The Talmud elaborates the story of Hannah pleading with God to give her a child by having her say: “Master of the Universe, is it so hard for you to give me just one son?” Rabbi Elazar explains her remarks with a parable. “A king made a feast for his servants and a poor man came in, stood by the door and said to them, “Please give me a piece of bread, but no one paid attention to him, so he pushed his way into the king’s chamber and said to him, “Your majesty, seeing that you made this great feast is it so hard for you to give me this one small piece of bread?” (Talmud Berachot)
The Women of the Wall are pushing their way in too, and like Hannah they are asking, is there not room for us to have room for our prayer –to read torah? All they want is just enough space to meet their needs and not to take away space or prayer time from the Haredim. They too have been ignored or denied, but now, like Hannah, they are pushing their way into the king’s chamber, into the chambers of the Israeli government, and into the chambers of world opinion. It is the chamber of God as well.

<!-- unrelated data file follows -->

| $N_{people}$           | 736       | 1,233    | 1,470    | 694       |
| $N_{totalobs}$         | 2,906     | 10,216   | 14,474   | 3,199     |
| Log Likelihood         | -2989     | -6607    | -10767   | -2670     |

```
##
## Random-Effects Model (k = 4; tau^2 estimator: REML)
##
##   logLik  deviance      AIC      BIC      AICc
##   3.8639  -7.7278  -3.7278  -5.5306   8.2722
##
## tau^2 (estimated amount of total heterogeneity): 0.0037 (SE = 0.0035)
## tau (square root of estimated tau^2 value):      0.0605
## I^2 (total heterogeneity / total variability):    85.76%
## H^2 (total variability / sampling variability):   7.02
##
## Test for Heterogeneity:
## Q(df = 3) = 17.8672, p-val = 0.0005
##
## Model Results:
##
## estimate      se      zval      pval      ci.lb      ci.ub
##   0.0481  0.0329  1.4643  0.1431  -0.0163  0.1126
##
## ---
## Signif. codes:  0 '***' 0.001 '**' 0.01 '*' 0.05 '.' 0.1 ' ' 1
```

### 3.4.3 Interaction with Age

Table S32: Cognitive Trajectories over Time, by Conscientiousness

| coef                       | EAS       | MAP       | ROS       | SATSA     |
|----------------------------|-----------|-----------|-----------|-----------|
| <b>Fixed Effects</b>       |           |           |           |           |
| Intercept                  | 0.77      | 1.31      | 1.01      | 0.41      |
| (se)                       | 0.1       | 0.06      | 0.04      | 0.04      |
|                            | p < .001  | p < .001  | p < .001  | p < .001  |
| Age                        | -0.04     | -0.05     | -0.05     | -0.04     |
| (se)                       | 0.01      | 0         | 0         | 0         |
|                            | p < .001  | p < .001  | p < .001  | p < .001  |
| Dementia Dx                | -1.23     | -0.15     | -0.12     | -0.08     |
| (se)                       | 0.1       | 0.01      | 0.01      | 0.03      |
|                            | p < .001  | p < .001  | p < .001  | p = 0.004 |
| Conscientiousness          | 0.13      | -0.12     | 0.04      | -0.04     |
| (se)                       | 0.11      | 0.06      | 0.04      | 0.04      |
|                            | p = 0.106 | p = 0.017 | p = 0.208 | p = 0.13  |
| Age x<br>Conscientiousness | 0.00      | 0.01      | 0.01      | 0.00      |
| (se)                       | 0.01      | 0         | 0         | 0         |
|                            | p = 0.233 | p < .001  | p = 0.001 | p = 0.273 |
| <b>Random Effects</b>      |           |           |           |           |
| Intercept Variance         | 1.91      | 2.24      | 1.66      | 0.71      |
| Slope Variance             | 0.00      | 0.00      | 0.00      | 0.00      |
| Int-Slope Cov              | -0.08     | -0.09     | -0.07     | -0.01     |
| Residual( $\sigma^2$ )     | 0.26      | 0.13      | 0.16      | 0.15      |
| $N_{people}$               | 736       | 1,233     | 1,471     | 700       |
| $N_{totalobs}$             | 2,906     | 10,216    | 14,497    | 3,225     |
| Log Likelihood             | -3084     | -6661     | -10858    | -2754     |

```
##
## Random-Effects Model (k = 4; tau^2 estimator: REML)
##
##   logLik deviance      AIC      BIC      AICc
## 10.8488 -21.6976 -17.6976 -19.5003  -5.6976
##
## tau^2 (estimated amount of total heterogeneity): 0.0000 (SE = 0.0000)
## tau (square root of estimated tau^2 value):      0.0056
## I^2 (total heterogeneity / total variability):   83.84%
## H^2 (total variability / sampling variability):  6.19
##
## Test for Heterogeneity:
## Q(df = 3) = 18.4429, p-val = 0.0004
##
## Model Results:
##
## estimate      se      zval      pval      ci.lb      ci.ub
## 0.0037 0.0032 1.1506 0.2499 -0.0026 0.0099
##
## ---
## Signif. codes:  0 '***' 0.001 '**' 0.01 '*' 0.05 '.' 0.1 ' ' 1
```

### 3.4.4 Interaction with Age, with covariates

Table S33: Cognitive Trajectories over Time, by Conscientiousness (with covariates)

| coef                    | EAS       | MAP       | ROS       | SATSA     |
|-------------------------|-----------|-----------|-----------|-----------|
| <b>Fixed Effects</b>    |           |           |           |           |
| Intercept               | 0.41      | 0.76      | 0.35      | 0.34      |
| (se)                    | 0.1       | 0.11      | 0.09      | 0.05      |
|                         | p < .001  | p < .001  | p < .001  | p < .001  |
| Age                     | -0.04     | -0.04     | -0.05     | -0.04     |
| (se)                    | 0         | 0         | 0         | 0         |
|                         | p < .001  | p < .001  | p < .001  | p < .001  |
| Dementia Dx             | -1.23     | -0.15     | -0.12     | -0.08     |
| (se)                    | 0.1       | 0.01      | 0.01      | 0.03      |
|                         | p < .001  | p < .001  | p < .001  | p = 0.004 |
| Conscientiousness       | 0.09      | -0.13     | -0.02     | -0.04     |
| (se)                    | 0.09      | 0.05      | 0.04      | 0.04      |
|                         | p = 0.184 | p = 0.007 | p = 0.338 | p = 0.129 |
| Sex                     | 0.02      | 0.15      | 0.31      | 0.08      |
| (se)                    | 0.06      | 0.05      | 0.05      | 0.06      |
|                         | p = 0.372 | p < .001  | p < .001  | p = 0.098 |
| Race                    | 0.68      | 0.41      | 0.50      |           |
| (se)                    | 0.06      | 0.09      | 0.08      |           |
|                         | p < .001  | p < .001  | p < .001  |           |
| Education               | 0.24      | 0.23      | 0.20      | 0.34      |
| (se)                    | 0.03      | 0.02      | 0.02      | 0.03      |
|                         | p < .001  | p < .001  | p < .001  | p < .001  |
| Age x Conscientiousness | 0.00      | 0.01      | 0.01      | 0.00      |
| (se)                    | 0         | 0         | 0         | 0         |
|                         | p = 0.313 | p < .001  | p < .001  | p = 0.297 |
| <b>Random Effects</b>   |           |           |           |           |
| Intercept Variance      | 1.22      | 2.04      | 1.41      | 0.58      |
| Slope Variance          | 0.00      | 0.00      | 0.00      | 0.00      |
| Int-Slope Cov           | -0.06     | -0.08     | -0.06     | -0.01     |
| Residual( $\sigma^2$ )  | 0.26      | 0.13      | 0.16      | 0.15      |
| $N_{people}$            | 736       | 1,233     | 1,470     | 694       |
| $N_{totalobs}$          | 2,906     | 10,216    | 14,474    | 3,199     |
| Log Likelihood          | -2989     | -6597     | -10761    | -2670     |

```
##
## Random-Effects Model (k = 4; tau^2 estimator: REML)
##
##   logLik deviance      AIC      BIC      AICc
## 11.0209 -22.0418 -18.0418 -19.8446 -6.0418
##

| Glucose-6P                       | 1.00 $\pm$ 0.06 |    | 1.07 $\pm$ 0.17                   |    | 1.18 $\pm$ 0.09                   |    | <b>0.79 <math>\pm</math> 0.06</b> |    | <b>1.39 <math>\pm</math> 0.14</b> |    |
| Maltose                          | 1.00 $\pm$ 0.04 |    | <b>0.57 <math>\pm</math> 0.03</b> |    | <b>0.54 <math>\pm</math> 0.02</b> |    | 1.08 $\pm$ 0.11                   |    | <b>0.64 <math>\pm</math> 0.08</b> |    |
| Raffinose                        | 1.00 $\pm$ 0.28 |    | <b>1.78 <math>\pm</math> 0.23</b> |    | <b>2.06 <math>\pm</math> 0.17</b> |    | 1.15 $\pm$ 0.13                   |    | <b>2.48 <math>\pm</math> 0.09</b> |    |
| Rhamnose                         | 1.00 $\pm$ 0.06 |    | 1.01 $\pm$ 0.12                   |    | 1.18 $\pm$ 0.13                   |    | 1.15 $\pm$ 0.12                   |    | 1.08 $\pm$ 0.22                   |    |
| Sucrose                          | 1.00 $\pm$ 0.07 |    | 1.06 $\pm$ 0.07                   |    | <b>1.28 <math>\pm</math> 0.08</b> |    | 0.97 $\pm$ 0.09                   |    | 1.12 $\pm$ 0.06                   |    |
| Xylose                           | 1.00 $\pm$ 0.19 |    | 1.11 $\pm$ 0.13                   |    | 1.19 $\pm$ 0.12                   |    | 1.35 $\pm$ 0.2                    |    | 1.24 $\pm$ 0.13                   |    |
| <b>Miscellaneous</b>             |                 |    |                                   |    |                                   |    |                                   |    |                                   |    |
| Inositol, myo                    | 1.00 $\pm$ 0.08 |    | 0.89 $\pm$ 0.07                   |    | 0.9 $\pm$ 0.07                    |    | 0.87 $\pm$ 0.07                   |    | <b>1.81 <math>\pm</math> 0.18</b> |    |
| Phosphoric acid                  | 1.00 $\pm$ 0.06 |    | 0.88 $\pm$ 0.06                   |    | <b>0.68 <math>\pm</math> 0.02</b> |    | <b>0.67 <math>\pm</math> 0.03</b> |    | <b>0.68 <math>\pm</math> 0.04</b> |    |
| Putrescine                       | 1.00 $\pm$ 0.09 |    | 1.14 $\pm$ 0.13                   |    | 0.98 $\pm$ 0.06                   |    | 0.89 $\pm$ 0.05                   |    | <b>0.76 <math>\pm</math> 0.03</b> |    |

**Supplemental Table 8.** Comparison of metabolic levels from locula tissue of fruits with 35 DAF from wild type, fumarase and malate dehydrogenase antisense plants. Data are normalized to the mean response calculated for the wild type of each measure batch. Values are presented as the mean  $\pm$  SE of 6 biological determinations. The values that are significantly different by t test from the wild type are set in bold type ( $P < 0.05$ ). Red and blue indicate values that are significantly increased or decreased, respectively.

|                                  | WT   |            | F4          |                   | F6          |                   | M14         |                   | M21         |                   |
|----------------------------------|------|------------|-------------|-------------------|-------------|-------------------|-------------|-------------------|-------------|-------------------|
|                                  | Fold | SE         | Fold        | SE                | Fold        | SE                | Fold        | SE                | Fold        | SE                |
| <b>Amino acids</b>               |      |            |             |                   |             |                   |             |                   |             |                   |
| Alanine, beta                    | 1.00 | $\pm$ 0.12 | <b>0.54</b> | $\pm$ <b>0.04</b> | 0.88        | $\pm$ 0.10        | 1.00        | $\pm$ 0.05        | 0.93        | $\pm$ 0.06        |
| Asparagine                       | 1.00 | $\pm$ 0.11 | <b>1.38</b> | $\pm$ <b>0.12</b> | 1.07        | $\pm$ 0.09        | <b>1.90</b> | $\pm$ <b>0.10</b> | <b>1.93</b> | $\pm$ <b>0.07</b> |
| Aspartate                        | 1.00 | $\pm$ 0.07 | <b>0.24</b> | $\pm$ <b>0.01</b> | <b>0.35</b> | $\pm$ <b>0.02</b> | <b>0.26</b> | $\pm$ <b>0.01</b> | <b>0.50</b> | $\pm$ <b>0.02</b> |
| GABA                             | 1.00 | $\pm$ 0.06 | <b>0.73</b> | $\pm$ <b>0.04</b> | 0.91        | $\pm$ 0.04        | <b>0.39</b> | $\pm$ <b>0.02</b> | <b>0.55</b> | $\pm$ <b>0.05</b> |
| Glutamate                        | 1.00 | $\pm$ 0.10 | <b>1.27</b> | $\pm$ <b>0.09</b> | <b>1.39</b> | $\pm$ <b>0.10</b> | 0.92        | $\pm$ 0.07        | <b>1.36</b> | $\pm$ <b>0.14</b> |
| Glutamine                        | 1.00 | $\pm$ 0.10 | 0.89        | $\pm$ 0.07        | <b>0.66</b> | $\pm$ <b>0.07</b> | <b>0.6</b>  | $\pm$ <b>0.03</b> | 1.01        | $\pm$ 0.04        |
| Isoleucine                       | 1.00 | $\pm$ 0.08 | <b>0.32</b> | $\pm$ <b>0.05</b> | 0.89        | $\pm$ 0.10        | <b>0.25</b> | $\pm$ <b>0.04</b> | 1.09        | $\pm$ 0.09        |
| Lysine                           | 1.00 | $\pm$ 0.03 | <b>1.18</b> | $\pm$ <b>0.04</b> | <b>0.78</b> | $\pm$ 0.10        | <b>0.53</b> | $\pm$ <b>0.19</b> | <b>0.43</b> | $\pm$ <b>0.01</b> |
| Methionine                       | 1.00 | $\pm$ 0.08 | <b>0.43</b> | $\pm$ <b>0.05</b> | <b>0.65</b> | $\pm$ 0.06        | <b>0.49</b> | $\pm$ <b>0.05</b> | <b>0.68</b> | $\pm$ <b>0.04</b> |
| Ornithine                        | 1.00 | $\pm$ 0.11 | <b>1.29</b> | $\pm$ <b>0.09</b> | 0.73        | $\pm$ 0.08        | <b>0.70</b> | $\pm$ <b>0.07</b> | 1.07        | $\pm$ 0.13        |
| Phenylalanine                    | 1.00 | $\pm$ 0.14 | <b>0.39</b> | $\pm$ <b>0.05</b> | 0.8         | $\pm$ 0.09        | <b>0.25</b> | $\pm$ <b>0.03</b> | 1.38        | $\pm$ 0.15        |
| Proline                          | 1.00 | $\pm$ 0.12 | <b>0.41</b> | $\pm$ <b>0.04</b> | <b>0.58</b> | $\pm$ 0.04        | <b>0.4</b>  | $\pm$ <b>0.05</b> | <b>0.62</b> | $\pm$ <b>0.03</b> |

As Hannah asked God to remember her for a child, let us pray on Rosh Hashana in remembrance not only of Hannah’s prayer for a child, but also  that God remember these women of the Wall as well who yearn for the natural right to express themselves as Jews in communal prayer. It is their birthright too.

Thursday, September 26, 2013

High Holy Days Sermons: Rosh Hashana Evening

Rosh Hashana Night 2013
Many of you know a few weeks ago I attended a conference specifically for Rabbis sponsored by the American Israel Public Affairs Committee in Washington, D.C  on the current challenges Israel faces in a tumultuous Middle East especially in regards to newly revived US sponsored peace negotiations with the Palestine Authority. The first morning of the conference I left my hotel room, entered the elevator and a young lady walked in with me. I noticed immediately that she was wearing a tee shirt and it had Hebrew letters around it. I didn't have the time to figure out what the words were, but, I did say to her almost amusingly, “I see you have a lot of Hebrew letters on your tee shirt?” She looked at me and responded, “Yes, I represent an organization and we have forty kids staying in the hotel from Israel.”
I replied, “Cool, is your group touring America?” She responded, “Yes but not exactly the way you think, our kids have all lost a parent in terrorist attacks.”
The elevator opened and I had to catch a cab to the conference. With no time to talk further I said, “You’re doing real mitzvah work.” She smiled and thanked me.